Tail coherent sampling
Tail-coherent sampling refers to deciding whether or not to sample until the request is complete. Before making a decision, the system needs to cache the data to ensure that the sampling is consistent. Due to late sampling decisions, data needs to be fully reported and stored temporarily for a period of time, which adds to both pressures mentioned above. But also because decisions are made later and information is more complete, tail coherence sampling takes advantage of some empirical rules to ensure that important call chains are captured.
Unit sampling does not require consistency, and each component in the system decides whether to sample or not, so this scheme usually cannot establish call chain information for a single request.
5. Data visualization
The visualization of call chain data usually corresponds to the application scenario one by one. Efficient visualization can better empower engineers, shorten the time of troubleshooting, and improve the quality of rd life.
Gantt charts are often used to show call chain data for a single request. The following are the most common variations of gantt charts for call chain tracing systems:
The left side of the figure is usually organized into a tree structure. Usually, the parent node represents the caller, the child node represents the caller, and the sibling nodes are in a concurrent relationship with monotonously increasing time from top to bottom. On the right is a strip structure similar to the standard Gantt chart.
A Swimlane (Swimlane)
Swimlane charts can be used to show the call chain data of a single request. Compared with Gantt charts, swimlane charts are more detailed and are often used to show more complex computational relations of Event models. Examples are as follows:
The swimming lane, namely the dashed line box, is used to represent the computing execution unit. Dots show events at a given moment; The arrows represent relationships between events.
Flowcharts are often used to show aggregate information about call chain data for multiple similar requests that should have exactly the same call chain structure. Examples are as follows:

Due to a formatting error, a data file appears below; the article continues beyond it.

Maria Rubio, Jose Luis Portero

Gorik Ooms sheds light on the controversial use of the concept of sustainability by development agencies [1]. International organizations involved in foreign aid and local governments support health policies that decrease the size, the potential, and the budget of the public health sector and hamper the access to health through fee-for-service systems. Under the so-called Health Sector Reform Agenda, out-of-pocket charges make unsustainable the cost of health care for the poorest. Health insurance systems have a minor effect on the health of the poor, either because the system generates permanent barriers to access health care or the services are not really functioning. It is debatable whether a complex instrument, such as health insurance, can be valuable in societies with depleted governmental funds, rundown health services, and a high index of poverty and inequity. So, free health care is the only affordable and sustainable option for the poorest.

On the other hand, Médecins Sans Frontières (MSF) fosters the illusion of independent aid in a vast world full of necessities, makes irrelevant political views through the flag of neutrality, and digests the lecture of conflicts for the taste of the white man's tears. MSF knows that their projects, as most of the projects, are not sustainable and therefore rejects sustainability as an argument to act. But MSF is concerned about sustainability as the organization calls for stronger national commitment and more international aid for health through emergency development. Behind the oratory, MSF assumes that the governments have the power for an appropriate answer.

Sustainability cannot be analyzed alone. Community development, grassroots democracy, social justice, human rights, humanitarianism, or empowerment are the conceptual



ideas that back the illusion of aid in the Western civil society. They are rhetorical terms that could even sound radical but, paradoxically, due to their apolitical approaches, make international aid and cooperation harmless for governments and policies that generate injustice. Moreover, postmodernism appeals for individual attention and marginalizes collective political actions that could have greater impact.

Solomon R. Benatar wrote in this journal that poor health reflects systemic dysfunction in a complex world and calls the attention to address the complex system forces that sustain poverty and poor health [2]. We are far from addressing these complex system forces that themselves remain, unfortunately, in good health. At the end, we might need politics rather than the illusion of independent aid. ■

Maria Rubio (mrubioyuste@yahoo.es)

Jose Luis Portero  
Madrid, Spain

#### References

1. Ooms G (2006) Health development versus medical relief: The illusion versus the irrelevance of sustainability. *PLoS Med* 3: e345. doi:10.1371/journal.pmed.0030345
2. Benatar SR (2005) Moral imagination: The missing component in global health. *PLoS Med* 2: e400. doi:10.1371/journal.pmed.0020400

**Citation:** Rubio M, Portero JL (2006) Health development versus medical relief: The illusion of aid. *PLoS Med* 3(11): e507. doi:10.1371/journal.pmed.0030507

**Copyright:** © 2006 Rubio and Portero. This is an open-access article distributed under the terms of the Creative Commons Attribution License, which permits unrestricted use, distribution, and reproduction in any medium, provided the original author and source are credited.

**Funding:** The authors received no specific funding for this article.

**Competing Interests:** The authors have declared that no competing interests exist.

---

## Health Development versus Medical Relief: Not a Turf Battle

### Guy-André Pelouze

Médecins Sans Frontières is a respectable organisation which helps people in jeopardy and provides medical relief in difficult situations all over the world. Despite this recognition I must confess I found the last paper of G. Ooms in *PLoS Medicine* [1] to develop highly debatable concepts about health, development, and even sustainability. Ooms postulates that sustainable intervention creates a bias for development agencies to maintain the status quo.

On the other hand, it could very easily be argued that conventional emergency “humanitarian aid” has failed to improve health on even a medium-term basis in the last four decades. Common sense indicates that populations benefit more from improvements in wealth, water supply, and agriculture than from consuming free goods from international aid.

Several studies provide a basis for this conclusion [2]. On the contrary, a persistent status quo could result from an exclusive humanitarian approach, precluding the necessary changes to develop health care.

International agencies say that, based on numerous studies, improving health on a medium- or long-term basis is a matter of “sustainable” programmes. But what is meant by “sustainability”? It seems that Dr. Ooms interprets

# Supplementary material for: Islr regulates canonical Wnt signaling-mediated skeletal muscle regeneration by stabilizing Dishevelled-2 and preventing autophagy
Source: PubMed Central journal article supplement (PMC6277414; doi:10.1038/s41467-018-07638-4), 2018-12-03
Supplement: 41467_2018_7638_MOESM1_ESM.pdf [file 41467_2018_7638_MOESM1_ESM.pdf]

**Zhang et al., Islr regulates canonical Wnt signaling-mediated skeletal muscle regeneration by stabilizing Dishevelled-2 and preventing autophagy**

Nodes in the graph represent the events occurring in the system, edges represent causality, and weights can represent the time difference between events, which together form a directed acyclic graph. The flow chart can even express the causal relationship between Fan-outs and fan-ins, i.e. forks and joins, preserving more details of the call chain.
Call diagrams are used to show aggregate information for multiple requests that do not have to have exactly the same call chain structure. Nodes in the call diagram represent services, modules or interfaces in the system, edges represent causality, and weights can represent customized information such as traffic and resource occupancy. The possibility of rings in the call diagram implies that there are ring dependencies in the system. The following is an example of a call diagram:
Calling Context Trees
Call trees are used to show aggregate information for multiple requests, often with different call chain structures. The call path from the root node to any leaf node is a real call path in the distributed system, as shown in the following example:
Flame charts are often used to show the call stack time of a stand-alone program, such as pprof in Go. Similar to the structure of the call tree, it is often used to display the aggregate information of multiple requests, but in a different form, it can more intuitively display the time consuming information of each component, for example:
From dimensions to scenarios
Now that we know about the various design dimensions, let's go back to the scenarios mentioned at the beginning of this article and try to analyze how to choose between these dimensions. The following uses exception detection and distributed profiling as examples: